• Bennett Morris

Why We Created Confucius

Updated: Nov 12

"Necessity is the mother of invention." Plato's age-old adage reads remarkably well when faced with the current landscape of Chinese learning in the digital era; the complexities and nuances of Chinese and other logographic languages require complex and nuanced solutions that the binary structure of flashcards have not provided.

Chinese is a logographic language. Meaning, it is made up of drawings, known as "characters," that represent words. In the 1950s, Zhou Youguang was tasked with the responsibility to romanize these characters so non-Chinese speakers would know how to pronounce the characters. This transliteration is called "pinyin." Thus, to properly study Chinese, students are required to memorize (1) a character, (2) its pinyin, and (3) its English meaning (see left). As you may imagine, two-sided flashcards are not accommodating of this ternary composition.

This was the initial impetus for the creation of Confucius; when using Quizlet, or physical flashcards, students studying Chinese are limited to its two sides—we either learn English on the same side as the pinyin, pinyin on the same side as the Chinese, etc. Our "three-sided" flashcard model allows students to study these components separately and/or customize the flashcard composition within seconds.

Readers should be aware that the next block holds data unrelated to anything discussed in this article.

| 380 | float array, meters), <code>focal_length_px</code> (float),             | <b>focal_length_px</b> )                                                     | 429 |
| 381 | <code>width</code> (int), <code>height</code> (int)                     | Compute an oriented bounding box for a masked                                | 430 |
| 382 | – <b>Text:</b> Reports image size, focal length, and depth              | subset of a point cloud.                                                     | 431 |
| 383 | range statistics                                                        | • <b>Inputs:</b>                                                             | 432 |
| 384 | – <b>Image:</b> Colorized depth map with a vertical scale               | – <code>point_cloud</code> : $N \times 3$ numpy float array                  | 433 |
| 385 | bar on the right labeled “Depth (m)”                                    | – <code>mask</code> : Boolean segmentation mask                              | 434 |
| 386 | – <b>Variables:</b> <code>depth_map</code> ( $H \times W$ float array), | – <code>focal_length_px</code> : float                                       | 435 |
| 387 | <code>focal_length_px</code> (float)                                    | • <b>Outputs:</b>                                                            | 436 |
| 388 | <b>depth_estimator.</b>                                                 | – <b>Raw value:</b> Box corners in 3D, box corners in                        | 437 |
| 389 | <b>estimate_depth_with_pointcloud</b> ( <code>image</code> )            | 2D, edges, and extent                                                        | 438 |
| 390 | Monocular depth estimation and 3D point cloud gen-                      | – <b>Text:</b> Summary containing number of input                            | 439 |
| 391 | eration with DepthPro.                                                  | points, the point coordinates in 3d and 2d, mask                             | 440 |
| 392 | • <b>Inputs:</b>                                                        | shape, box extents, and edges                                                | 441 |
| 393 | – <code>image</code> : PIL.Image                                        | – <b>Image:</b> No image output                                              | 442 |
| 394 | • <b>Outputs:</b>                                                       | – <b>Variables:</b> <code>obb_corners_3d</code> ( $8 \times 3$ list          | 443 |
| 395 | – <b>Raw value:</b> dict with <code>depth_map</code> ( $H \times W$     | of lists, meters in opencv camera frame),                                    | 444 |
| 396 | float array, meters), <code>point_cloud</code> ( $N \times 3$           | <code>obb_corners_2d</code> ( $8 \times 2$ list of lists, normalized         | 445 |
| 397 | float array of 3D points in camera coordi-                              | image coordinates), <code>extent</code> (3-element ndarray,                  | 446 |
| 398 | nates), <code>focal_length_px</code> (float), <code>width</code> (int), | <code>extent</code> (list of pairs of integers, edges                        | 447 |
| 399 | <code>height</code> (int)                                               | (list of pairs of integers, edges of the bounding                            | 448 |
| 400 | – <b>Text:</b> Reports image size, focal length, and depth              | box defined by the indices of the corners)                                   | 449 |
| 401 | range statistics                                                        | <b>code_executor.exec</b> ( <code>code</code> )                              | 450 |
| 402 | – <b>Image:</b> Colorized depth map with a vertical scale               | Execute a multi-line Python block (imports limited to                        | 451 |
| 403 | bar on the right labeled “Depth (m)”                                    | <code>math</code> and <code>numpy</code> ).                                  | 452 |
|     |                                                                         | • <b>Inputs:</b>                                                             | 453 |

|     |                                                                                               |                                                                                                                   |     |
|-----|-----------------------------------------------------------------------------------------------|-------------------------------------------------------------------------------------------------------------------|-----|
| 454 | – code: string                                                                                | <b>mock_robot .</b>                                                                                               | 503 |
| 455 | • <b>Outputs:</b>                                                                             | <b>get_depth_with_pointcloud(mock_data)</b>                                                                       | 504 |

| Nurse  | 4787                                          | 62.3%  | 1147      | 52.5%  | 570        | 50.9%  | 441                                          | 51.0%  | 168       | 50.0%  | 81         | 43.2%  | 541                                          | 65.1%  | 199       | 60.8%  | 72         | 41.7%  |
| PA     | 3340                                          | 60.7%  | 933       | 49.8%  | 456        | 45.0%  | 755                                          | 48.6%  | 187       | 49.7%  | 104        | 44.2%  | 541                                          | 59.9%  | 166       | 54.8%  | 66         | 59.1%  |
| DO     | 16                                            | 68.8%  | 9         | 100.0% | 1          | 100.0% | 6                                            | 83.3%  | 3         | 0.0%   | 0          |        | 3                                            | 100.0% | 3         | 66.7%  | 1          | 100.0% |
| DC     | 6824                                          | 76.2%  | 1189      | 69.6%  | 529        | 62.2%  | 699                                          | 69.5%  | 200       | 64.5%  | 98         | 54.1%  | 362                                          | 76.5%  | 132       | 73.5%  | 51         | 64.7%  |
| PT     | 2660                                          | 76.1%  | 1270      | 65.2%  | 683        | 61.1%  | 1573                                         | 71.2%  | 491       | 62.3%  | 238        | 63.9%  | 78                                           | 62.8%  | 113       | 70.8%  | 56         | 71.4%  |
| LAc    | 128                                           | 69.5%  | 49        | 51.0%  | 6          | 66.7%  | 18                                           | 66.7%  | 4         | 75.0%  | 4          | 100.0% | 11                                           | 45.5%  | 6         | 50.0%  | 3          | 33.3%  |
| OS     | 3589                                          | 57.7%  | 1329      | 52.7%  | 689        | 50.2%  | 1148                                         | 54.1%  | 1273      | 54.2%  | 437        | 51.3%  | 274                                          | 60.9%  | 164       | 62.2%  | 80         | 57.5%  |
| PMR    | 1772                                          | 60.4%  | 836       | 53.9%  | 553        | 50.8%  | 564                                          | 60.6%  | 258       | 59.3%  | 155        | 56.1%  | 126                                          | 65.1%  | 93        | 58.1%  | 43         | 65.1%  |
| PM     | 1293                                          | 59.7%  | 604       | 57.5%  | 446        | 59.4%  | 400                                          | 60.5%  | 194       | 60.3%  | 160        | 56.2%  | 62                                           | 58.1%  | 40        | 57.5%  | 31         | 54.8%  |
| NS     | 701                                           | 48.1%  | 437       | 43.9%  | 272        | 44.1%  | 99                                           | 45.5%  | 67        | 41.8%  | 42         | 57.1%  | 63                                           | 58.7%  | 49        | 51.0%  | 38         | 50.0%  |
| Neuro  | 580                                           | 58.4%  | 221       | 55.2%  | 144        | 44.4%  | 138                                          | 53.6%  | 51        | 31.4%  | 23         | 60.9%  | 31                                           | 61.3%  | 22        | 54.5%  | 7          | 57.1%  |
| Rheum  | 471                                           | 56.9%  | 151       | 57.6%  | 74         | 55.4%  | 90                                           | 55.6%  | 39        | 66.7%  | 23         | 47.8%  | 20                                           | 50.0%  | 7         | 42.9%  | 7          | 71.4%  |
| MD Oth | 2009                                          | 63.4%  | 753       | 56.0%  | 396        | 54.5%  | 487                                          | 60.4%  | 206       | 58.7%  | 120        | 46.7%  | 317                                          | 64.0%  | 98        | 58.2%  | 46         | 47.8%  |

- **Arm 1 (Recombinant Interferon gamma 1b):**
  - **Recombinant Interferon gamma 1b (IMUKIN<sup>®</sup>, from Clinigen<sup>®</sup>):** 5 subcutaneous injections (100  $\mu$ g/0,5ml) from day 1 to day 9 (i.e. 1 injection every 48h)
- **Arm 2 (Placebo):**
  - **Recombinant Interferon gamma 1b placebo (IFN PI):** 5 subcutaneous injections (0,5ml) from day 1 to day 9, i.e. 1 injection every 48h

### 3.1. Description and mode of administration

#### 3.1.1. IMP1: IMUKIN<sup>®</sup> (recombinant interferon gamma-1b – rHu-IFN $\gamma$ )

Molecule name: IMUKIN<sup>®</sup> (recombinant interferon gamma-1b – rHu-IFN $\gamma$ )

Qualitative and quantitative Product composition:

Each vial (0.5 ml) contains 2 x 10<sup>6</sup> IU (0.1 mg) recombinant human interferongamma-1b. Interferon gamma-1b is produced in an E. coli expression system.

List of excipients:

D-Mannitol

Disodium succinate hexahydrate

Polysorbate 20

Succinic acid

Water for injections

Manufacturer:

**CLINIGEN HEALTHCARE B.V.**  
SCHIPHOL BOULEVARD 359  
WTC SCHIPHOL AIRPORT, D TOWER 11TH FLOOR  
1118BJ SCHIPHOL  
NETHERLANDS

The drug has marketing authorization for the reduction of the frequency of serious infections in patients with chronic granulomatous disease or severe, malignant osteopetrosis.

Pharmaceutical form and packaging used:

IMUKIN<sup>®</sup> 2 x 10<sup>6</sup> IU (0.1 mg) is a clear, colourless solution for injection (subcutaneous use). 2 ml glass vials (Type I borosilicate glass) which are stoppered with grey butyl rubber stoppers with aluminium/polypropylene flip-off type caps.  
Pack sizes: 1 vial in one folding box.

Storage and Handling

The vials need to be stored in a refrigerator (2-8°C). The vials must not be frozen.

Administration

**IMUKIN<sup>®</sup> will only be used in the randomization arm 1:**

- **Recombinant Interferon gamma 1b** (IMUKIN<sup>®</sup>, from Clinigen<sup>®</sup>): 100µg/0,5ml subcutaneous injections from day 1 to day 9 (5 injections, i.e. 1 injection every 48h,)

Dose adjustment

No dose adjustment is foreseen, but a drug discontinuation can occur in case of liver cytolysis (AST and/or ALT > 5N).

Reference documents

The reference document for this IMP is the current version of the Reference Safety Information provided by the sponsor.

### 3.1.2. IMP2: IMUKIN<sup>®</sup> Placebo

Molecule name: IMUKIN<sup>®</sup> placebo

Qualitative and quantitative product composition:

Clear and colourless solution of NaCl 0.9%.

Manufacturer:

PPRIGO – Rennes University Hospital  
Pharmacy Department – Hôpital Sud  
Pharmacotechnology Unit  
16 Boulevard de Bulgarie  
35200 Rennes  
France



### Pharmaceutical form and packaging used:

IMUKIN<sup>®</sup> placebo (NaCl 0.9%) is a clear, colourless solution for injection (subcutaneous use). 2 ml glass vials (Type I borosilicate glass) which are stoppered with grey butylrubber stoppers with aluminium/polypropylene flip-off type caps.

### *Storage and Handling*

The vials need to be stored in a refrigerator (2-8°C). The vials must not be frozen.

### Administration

Second to this model, and inspired by the limitations of COVID lockdowns, travel bans, and switch to e-learning, Confucius' handwriting and speech inputs enables students to quiz their character memorization, stroke order, and tones, in a more accurate and comprehensive manner.

Although this is just the beginning, Jocey and I, with our combined 15 years of Chinese learning experience, are confident this is a product Chinese learning students, tutors, and teachers will benefit from. As the world becomes more interconnected and digital, it is only appropriate for Chinese learning to follow suit.

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